The historiography of Anglo-Jewry, 1892-1992

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Two pleasurable duties incumbent on an incoming president of a society such as ours are to pay tribute to one’s predecessor, and to give some sort of explanation or justification of one’s own particular role. Firstly, therefore, in Dr Stefan Reif the Society has had a president who has served it very well indeed. He is a scholar of the first order, an expositor of his subject second to none, and an administrator of the highest level. In all of these he has graced the Society and has pointed it in the directions he feels we ought to be going if we are to survive for a further hundred years. His work as head of the Geniza Unit of Cambridge University Library is exemplary, showing that it is not sufficient merely to be aware of the academic importance of one’s subject, but essential also to raise public awareness of scholarly activities, and in consequence how vital is the ability to raise a substan- tial part of the money required to keep them afloat. It is indeed a commentary on our times that scholars have to be not merely at the top of their profession in purely scholastic terms, but fully aware of the funding required for the work they are doing. We no longer live in ivory towers - even if we ever did so - and Stefan Reif is an outstanding example of our needs to excel in both of these worlds.

The second part of my task, to explain why I am here, is more difficult, for to tell the truth I should not be here at all. Some years ago the Society decided that the centenary of its foundation should be marked in some suitable manner, and one of the ways in which we are doing this, in conjunction with the Institute of Jewish Studies at UCL, is to sponsor an international conference to which have been invited not only a large number of scholars with international reputations but also, and indeed most importantly, the members of the society as well as the public at large. The subject of this conference is the migration of Jews out of Europe between 18 50 and 1914, and the impact this migration has had on Jewry as a whole. Study such as this is vital for our understanding of world Jewry, and is entirely appropriate to our centenary year.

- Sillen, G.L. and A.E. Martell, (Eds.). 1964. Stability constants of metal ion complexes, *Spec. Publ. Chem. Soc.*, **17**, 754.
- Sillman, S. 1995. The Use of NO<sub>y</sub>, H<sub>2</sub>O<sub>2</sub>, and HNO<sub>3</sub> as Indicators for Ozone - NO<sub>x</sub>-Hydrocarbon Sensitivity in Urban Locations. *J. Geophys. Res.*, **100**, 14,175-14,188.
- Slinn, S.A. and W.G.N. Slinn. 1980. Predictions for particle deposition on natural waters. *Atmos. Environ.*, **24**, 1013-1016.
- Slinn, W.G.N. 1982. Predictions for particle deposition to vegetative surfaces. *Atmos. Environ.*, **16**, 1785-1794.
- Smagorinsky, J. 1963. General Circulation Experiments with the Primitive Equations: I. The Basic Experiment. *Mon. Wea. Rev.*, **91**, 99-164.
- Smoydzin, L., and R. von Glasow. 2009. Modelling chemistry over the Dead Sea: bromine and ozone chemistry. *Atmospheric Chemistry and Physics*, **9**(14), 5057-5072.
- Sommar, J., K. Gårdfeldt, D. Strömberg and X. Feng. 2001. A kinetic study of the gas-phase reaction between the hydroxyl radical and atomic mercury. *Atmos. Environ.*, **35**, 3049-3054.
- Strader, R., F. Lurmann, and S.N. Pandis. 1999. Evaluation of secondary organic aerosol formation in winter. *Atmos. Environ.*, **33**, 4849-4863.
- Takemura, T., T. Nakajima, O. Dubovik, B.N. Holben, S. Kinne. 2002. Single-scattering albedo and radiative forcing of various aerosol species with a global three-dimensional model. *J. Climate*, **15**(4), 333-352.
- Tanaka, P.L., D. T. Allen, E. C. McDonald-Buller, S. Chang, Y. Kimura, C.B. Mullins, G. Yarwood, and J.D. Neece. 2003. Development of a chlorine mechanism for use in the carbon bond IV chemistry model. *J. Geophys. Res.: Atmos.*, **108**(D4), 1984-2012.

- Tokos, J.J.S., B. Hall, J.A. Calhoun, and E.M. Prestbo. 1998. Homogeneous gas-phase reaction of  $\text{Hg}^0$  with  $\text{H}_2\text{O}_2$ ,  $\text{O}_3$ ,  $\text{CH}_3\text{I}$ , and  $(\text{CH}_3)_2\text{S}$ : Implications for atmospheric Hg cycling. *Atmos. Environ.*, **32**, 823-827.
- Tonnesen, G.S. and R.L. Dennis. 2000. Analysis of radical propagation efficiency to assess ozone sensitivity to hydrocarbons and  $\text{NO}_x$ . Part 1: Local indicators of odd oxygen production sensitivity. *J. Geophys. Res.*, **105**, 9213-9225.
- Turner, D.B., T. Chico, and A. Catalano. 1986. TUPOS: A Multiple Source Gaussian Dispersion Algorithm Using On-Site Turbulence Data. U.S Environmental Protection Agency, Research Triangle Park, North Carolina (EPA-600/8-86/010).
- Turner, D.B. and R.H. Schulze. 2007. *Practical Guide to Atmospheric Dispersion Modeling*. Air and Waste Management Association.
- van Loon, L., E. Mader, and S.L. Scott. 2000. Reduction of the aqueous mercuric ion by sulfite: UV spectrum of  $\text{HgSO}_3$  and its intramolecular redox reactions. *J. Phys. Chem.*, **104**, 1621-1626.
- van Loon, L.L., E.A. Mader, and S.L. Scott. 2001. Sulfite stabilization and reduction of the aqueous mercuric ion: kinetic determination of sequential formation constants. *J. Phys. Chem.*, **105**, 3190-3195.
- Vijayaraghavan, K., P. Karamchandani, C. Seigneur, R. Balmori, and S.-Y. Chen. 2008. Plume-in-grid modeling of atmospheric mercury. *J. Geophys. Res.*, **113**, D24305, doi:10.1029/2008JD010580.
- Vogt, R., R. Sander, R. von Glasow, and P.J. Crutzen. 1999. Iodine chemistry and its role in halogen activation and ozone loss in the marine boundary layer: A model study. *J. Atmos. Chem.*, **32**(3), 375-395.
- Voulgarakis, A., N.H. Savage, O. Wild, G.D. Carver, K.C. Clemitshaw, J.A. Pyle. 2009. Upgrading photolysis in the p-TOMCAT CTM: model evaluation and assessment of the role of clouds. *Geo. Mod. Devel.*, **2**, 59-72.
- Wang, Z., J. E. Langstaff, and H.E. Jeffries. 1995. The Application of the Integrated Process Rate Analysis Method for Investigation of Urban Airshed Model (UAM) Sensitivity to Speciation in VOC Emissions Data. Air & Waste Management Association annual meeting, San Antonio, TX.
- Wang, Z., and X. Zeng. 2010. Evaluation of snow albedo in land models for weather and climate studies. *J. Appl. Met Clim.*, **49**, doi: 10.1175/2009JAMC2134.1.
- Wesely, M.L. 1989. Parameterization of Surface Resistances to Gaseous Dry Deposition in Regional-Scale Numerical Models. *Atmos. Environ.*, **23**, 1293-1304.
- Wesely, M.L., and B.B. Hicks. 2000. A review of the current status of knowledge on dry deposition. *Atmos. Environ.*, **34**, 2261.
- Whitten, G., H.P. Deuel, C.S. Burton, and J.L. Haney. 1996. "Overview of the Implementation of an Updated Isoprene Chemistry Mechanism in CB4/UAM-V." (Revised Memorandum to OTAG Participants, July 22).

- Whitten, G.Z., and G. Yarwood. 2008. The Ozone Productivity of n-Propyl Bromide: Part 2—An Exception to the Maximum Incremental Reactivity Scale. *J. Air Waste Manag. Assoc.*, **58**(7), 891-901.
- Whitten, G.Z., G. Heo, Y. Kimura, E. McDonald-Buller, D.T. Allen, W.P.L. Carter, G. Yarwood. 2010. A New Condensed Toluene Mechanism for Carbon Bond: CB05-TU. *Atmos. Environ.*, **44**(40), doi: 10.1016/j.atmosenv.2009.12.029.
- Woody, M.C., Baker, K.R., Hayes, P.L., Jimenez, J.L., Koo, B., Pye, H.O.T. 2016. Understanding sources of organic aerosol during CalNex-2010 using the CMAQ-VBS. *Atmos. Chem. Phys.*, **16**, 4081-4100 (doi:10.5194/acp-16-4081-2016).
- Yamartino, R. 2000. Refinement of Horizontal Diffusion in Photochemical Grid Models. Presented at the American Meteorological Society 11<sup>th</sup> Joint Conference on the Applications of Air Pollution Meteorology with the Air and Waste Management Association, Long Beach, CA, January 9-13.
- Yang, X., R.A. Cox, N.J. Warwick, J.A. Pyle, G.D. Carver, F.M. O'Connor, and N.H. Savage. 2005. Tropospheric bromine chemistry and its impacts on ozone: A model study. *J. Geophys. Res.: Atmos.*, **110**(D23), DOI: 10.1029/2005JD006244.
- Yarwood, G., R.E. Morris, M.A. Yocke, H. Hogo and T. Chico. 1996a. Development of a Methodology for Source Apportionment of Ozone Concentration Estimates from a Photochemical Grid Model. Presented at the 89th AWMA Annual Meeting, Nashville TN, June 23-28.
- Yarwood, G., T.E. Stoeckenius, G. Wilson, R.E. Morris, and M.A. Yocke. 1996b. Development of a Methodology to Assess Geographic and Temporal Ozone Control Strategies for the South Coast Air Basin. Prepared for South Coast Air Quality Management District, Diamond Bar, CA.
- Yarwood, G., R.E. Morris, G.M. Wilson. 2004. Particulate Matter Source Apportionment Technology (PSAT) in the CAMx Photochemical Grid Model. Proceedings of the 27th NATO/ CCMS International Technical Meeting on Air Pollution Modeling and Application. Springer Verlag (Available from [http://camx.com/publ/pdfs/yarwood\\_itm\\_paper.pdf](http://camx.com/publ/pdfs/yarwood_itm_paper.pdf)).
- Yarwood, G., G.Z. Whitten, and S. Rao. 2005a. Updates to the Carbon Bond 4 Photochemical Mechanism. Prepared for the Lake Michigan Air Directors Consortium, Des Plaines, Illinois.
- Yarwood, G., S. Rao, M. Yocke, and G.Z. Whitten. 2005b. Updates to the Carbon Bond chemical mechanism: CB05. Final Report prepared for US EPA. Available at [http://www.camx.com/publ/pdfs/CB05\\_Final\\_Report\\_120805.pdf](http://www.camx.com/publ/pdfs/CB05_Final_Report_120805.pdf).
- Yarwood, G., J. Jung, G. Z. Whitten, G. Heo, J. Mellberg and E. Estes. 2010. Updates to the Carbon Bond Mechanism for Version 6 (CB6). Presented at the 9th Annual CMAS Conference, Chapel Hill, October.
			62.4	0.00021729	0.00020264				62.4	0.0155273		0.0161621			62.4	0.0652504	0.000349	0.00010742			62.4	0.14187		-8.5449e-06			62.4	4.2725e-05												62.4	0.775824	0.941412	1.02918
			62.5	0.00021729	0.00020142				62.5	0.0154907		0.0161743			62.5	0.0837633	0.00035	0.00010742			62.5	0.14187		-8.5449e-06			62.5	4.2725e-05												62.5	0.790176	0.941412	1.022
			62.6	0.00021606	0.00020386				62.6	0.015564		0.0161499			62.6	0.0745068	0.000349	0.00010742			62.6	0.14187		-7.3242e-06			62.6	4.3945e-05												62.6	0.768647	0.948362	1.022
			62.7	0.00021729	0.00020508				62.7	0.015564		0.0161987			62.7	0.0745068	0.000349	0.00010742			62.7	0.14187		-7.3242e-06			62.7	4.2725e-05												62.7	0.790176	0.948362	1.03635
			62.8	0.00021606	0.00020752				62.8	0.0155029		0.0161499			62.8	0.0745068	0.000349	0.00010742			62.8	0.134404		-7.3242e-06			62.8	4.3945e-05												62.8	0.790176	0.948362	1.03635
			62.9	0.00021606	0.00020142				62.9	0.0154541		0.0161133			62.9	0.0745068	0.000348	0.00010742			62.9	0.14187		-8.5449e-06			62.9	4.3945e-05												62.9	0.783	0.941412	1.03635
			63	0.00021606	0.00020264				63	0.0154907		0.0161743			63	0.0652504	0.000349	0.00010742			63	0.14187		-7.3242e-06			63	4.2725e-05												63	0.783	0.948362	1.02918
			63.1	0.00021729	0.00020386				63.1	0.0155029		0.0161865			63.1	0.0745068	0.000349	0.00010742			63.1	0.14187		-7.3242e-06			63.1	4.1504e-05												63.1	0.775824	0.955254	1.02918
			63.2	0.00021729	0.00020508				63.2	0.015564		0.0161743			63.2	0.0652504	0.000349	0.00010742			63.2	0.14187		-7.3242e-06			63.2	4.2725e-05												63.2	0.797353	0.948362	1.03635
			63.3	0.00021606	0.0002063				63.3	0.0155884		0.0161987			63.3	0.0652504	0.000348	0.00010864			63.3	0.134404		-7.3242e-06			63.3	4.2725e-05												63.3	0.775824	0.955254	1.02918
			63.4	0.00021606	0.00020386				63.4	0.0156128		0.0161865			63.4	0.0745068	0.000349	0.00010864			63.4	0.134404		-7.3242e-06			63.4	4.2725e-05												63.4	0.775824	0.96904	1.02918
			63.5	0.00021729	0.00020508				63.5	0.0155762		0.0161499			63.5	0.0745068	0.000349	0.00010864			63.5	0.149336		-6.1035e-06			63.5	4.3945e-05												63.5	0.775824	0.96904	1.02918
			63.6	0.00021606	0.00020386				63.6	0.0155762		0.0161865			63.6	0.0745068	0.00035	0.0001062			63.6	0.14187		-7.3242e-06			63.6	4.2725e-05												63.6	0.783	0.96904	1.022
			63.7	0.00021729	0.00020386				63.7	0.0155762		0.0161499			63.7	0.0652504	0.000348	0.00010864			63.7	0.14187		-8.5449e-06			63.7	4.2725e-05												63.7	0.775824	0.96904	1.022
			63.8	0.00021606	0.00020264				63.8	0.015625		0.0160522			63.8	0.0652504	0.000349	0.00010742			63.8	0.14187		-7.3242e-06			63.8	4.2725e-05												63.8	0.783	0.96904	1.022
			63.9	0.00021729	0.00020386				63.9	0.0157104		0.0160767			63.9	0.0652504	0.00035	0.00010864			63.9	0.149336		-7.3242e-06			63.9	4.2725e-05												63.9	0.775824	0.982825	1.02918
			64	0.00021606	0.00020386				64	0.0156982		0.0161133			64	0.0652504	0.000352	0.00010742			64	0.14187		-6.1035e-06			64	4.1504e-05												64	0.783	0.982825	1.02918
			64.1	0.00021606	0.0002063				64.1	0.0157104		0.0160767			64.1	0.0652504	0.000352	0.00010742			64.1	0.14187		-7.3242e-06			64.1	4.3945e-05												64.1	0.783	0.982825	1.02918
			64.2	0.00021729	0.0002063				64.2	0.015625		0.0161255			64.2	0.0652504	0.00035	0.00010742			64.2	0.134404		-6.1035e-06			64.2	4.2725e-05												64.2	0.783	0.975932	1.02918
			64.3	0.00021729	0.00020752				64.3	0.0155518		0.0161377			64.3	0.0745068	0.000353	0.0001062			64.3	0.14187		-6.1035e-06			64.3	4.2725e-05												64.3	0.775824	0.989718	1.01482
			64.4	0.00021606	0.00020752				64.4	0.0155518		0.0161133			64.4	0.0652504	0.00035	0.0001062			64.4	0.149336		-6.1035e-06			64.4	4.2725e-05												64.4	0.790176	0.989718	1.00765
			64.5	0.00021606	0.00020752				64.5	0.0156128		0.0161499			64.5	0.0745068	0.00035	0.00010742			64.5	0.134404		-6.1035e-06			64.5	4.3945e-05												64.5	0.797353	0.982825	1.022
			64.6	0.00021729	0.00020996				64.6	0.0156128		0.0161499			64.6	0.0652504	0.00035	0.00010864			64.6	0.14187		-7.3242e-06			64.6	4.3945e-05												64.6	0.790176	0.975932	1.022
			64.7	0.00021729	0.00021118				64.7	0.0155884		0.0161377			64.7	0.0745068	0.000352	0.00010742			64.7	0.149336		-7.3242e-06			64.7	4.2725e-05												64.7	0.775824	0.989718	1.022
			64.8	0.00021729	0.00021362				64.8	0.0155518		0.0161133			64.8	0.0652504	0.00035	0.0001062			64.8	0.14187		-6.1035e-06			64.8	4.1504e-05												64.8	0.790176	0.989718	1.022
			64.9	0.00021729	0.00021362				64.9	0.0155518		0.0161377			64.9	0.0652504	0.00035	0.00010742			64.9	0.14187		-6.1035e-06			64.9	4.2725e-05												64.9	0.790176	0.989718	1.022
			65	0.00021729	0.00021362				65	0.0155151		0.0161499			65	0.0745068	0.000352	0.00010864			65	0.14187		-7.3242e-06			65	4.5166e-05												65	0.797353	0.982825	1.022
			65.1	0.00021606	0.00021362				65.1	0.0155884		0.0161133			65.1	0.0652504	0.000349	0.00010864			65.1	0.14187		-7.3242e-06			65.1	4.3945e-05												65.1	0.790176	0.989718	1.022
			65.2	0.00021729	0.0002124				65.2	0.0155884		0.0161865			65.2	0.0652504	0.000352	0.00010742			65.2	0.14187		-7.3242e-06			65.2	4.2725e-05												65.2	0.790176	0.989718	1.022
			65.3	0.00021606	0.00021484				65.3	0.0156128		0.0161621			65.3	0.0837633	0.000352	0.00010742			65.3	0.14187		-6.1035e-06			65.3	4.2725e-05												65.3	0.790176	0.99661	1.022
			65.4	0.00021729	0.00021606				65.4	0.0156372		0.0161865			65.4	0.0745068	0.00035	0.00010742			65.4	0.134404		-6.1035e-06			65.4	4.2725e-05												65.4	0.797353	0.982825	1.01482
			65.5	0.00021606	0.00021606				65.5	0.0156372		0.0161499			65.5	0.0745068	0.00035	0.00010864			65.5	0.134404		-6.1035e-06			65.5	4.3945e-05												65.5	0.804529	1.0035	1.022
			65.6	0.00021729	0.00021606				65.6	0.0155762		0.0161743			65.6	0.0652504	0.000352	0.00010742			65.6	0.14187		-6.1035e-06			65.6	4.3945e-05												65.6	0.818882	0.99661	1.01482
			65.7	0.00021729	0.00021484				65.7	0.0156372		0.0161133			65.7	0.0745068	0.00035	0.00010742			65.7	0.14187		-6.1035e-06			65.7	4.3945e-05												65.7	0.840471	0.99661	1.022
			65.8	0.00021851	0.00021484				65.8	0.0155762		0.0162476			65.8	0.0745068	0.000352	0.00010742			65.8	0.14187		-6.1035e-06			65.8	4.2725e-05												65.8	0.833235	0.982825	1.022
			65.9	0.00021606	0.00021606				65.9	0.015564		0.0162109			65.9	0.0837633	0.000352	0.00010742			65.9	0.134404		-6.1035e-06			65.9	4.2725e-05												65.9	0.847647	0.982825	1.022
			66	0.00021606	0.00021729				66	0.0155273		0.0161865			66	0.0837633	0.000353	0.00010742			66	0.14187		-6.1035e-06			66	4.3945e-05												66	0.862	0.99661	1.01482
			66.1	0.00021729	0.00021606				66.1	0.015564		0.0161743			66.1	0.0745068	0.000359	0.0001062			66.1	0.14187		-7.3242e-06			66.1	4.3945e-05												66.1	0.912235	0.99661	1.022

The other decision taken by the Society was to invite one of its past presidents to take office again in its centenary year. There is ample and indeed good preced- ent for this, in that when the Society celebrated its fiftieth and seventy-fifth anniversaries it elected on both occasions one of its former presidents, Cecil Roth. I should perhaps point out that the Society could not follow the example exactly, since Cecil at the seventy-fifth anniversary remarked that this was now the ninth Presidential Address delivered to the Society on 29 October 1992.  time he had served as president. The only other president

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